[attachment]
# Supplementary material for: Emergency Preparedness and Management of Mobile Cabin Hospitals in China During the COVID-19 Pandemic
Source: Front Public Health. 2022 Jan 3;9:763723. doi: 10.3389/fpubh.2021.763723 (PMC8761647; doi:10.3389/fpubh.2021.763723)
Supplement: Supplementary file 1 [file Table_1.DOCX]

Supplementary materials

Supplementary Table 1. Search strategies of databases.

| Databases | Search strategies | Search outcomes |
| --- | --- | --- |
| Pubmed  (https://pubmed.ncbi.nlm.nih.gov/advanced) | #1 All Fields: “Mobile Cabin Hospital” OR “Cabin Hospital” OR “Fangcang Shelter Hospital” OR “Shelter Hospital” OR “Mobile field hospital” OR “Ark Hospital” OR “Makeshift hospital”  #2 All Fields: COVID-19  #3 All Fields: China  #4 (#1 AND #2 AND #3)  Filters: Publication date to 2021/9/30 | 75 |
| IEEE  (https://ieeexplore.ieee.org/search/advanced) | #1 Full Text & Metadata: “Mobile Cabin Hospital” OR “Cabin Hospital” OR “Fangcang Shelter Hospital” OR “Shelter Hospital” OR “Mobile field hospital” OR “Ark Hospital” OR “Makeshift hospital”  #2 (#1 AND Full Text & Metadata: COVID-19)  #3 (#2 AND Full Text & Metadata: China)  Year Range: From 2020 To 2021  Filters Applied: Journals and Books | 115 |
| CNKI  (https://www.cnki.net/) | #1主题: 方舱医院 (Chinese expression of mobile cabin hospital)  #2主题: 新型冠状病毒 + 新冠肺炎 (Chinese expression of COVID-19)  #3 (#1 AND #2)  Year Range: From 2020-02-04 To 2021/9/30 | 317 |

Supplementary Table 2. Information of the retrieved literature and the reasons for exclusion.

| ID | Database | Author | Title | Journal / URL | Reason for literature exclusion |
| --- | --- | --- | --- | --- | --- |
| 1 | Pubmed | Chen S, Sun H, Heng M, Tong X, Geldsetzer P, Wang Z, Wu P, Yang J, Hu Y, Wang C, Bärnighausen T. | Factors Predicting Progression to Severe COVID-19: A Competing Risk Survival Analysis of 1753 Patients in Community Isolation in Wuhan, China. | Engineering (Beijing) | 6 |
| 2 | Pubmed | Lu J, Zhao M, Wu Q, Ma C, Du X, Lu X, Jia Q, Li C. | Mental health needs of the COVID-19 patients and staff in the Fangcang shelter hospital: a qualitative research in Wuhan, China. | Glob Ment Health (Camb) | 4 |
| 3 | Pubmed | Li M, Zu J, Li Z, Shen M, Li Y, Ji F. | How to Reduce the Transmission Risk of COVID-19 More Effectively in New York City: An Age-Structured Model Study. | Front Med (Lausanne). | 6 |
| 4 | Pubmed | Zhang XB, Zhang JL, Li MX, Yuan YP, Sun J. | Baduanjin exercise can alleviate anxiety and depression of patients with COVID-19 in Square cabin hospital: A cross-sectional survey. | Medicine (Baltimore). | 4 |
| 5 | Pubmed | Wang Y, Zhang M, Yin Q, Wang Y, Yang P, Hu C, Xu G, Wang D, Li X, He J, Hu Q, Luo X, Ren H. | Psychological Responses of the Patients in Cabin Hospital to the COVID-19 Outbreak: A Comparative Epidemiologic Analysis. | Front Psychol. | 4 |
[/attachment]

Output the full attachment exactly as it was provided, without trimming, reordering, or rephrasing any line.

# Supplementary material for: Emergency Preparedness and Management of Mobile Cabin Hospitals in China During the COVID-19 Pandemic
Source: Front Public Health. 2022 Jan 3;9:763723. doi: 10.3389/fpubh.2021.763723 (PMC8761647; doi:10.3389/fpubh.2021.763723)
Supplement: Supplementary file 1 [file Table_1.DOCX]

Supplementary materials

Supplementary Table 1. Search strategies of databases.

| Databases | Search strategies | Search outcomes |
| --- | --- | --- |
| Pubmed  (https://pubmed.ncbi.nlm.nih.gov/advanced) | #1 All Fields: “Mobile Cabin Hospital” OR “Cabin Hospital” OR “Fangcang Shelter Hospital” OR “Shelter Hospital” OR “Mobile field hospital” OR “Ark Hospital” OR “Makeshift hospital”  #2 All Fields: COVID-19  #3 All Fields: China  #4 (#1 AND #2 AND #3)  Filters: Publication date to 2021/9/30 | 75 |
| IEEE  (https://ieeexplore.ieee.org/search/advanced) | #1 Full Text & Metadata: “Mobile Cabin Hospital” OR “Cabin Hospital” OR “Fangcang Shelter Hospital” OR “Shelter Hospital” OR “Mobile field hospital” OR “Ark Hospital” OR “Makeshift hospital”  #2 (#1 AND Full Text & Metadata: COVID-19)  #3 (#2 AND Full Text & Metadata: China)  Year Range: From 2020 To 2021  Filters Applied: Journals and Books | 115 |
| CNKI  (https://www.cnki.net/) | #1主题: 方舱医院 (Chinese expression of mobile cabin hospital)  #2主题: 新型冠状病毒 + 新冠肺炎 (Chinese expression of COVID-19)  #3 (#1 AND #2)  Year Range: From 2020-02-04 To 2021/9/30 | 317 |

Supplementary Table 2. Information of the retrieved literature and the reasons for exclusion.

| ID | Database | Author | Title | Journal / URL | Reason for literature exclusion |
| --- | --- | --- | --- | --- | --- |
| 1 | Pubmed | Chen S, Sun H, Heng M, Tong X, Geldsetzer P, Wang Z, Wu P, Yang J, Hu Y, Wang C, Bärnighausen T. | Factors Predicting Progression to Severe COVID-19: A Competing Risk Survival Analysis of 1753 Patients in Community Isolation in Wuhan, China. | Engineering (Beijing) | 6 |
| 2 | Pubmed | Lu J, Zhao M, Wu Q, Ma C, Du X, Lu X, Jia Q, Li C. | Mental health needs of the COVID-19 patients and staff in the Fangcang shelter hospital: a qualitative research in Wuhan, China. | Glob Ment Health (Camb) | 4 |
| 3 | Pubmed | Li M, Zu J, Li Z, Shen M, Li Y, Ji F. | How to Reduce the Transmission Risk of COVID-19 More Effectively in New York City: An Age-Structured Model Study. | Front Med (Lausanne). | 6 |
| 4 | Pubmed | Zhang XB, Zhang JL, Li MX, Yuan YP, Sun J. | Baduanjin exercise can alleviate anxiety and depression of patients with COVID-19 in Square cabin hospital: A cross-sectional survey. | Medicine (Baltimore). | 4 |
| 5 | Pubmed | Wang Y, Zhang M, Yin Q, Wang Y, Yang P, Hu C, Xu G, Wang D, Li X, He J, Hu Q, Luo X, Ren H. | Psychological Responses of the Patients in Cabin Hospital to the COVID-19 Outbreak: A Comparative Epidemiologic Analysis. | Front Psychol. | 4 |